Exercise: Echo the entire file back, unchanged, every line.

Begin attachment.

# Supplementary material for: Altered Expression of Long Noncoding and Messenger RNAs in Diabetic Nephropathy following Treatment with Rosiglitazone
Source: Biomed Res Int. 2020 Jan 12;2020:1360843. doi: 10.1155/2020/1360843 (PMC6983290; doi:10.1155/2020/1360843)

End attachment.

# Supplementary material for: Altered Expression of Long Noncoding and Messenger RNAs in Diabetic Nephropathy following Treatment with Rosiglitazone
Source: Biomed Res Int. 2020 Jan 12;2020:1360843. doi: 10.1155/2020/1360843 (PMC6983290; doi:10.1155/2020/1360843)